New Bids to Reform Campaign Finance
SACRAMENTO -- Emboldened by the passage of federal campaign finance reform, state lawmakers and consumer groups have renewed efforts to toughen California’s laws by curbing contributions to the insurance commissioner and cracking down on misleading advertising.
State Sen. Jackie Speier (D-Hillsborough) is sponsoring new legislation that would prohibit insurance companies from contributing to the incumbent insurance commissioner or any candidates for the job. Her bill would allow individual contributions from insurance agents and company officers and directors but limit them to $500.
As an outgrowth of the scandal that forced former Insurance Commissioner Chuck Quackenbush from office in 2000, the bill would make the next commissioner subject to impeachment if he repeatedly violated the ban.
In the Assembly, a 20-year veteran has introduced a bill that would prohibit independent political committees from financing campaign advertising that contained a false endorsement of a candidate. Violators would be subject to a $1-million fine.
Assemblyman Lou Papan (D-Millbrae) proposed the bill two weeks after his daughter, Gina, lost her quest for his seat in the March 5 Democratic primary. Papan said advertisements by an independent committee of trial attorneys had falsely claimed that his daughter’s opponent, South San Francisco Mayor Gene Mullin, had been endorsed by the Sierra Club.
But Papan insisted his daughter’s defeat had nothing to do with his decision to push for a change in the law. “That’s not the case at all,” he said. “I’m more interested in the whole process.”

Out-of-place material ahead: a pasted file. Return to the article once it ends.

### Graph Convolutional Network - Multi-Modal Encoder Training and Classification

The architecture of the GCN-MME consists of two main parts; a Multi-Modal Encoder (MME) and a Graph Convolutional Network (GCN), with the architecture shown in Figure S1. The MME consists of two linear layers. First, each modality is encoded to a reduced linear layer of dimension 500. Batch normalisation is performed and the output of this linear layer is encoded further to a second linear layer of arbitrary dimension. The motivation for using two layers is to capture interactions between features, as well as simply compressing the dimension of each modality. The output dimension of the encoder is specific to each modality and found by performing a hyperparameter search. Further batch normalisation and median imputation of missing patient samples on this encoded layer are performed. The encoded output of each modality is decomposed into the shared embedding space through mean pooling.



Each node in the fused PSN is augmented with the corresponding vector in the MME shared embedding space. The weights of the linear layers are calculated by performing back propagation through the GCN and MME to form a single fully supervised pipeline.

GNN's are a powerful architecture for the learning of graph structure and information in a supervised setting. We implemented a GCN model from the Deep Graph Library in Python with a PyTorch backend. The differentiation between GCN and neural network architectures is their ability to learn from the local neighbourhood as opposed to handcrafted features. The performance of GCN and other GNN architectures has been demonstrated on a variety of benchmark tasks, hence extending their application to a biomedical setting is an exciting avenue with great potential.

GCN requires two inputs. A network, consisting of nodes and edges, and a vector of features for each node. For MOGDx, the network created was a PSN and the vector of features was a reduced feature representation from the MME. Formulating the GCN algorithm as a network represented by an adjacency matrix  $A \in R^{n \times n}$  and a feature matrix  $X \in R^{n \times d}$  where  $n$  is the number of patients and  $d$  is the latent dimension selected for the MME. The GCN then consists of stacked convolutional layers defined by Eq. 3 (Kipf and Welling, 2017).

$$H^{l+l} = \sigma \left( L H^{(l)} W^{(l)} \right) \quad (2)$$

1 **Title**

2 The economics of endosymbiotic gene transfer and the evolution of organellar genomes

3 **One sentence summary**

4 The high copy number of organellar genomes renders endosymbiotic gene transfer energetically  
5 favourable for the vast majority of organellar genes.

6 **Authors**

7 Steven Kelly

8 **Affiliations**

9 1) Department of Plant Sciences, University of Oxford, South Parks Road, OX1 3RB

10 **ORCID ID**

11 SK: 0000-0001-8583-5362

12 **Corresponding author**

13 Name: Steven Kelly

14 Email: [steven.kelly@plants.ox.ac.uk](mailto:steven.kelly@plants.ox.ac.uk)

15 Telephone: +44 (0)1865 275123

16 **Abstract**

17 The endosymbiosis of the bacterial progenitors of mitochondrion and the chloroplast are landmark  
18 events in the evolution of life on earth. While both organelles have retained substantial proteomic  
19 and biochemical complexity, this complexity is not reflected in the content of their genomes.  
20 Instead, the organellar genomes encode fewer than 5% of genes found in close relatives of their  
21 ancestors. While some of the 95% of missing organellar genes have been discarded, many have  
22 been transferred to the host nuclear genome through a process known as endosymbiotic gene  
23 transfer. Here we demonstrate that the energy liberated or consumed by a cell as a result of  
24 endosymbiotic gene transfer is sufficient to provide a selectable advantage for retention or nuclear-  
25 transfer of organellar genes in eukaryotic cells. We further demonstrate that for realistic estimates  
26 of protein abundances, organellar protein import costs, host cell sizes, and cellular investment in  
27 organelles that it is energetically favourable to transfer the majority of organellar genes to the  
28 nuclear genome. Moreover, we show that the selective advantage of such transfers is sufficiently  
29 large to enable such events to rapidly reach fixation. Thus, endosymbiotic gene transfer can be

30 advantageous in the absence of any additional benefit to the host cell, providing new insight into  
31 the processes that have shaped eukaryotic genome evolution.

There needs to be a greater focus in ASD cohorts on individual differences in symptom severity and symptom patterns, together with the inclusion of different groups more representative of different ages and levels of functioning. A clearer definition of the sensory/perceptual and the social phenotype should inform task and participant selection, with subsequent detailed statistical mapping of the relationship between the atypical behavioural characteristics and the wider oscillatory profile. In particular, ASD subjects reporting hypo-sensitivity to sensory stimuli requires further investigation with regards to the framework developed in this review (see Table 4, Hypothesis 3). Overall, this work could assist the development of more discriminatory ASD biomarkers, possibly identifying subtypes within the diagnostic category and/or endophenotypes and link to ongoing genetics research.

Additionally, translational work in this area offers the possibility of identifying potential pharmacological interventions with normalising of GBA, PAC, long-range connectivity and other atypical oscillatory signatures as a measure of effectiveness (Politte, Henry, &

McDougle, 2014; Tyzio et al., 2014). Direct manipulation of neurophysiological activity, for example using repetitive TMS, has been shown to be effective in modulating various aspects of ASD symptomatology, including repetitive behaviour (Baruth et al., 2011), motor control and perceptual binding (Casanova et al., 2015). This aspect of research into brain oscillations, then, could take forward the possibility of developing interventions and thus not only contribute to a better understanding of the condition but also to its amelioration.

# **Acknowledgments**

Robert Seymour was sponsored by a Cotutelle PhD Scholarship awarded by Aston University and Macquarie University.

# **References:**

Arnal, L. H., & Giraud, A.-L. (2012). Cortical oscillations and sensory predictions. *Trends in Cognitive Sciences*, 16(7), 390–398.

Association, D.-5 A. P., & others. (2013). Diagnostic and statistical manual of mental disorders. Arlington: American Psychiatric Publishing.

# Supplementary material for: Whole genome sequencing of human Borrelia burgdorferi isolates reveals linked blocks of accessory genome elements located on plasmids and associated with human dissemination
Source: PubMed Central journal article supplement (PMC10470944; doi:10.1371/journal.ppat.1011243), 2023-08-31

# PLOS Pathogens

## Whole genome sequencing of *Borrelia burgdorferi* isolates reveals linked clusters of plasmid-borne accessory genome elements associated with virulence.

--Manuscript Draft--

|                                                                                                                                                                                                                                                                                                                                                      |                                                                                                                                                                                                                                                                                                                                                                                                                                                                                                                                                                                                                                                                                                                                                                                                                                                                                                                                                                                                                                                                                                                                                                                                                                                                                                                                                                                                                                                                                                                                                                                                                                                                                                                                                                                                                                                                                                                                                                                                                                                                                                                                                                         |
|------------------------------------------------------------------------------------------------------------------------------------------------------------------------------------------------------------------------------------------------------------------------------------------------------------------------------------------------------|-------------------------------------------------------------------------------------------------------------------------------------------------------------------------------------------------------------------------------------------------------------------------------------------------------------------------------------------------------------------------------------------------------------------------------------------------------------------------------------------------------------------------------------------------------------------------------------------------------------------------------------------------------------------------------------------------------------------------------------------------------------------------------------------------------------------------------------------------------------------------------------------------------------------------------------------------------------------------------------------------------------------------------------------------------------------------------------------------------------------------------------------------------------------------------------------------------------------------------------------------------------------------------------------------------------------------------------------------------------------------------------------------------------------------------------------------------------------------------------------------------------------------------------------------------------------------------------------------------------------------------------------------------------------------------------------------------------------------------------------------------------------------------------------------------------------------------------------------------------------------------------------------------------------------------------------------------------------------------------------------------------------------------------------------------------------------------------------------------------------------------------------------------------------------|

Speier predicted that lawmakers will be more receptive this year to campaign finance reform, which has traditionally faced an uphill battle in the Legislature. The passage of major federal legislation, she said, has put pressure on states to do the same.
She said her bill will also be assisted by voters’ rejection on March 5 of a candidate for insurance commissioner who was heavily financed by the industry, Democratic Assemblyman Tom Calderon of Montebello.
“The last election showed us the industry is willing to spend whatever it takes to put one of its own in office,” Speier said. “This practice must end. California consumers must be assured that the office of insurance commissioner is not for sale to the highest bidder.”
In the primary, Calderon collected $1.5 million from insurance interests and was the only candidate who agreed to take their money. He finished third among Democrats.
Speier’s bill, SB 1978, immediately became an issue in the general election race for insurance commissioner. Both the Democratic and Republican candidates hurriedly went on record in support of the ban on contributions.
John Garamendi, the Democratic candidate and the state’s first elected insurance commissioner, appeared with Speier at a news conference Thursday to endorse her proposal.
Gary Mendoza, the Republican candidate, issued a statement calling for legislation that would not only prohibit contributions from the insurance industry but also from personal injury lawyers who sue the industry.
“It’s time to remove any taint of impropriety from the decision-making process at the Department of Insurance,” Mendoza said.
Papan said his measure would also help clean up elections by restricting the actions of independent expenditure committees.
Unlike campaign committees controlled by candidates, independent committees are now unrestricted in the sums they can pour into a campaign and, in many cases, are not required to publicly disclose their expenditures until long after the election. Papan singled out trial lawyers and organized labor as two special interests that ran high-spending independent “shadow” campaigns during the March 5 primary.
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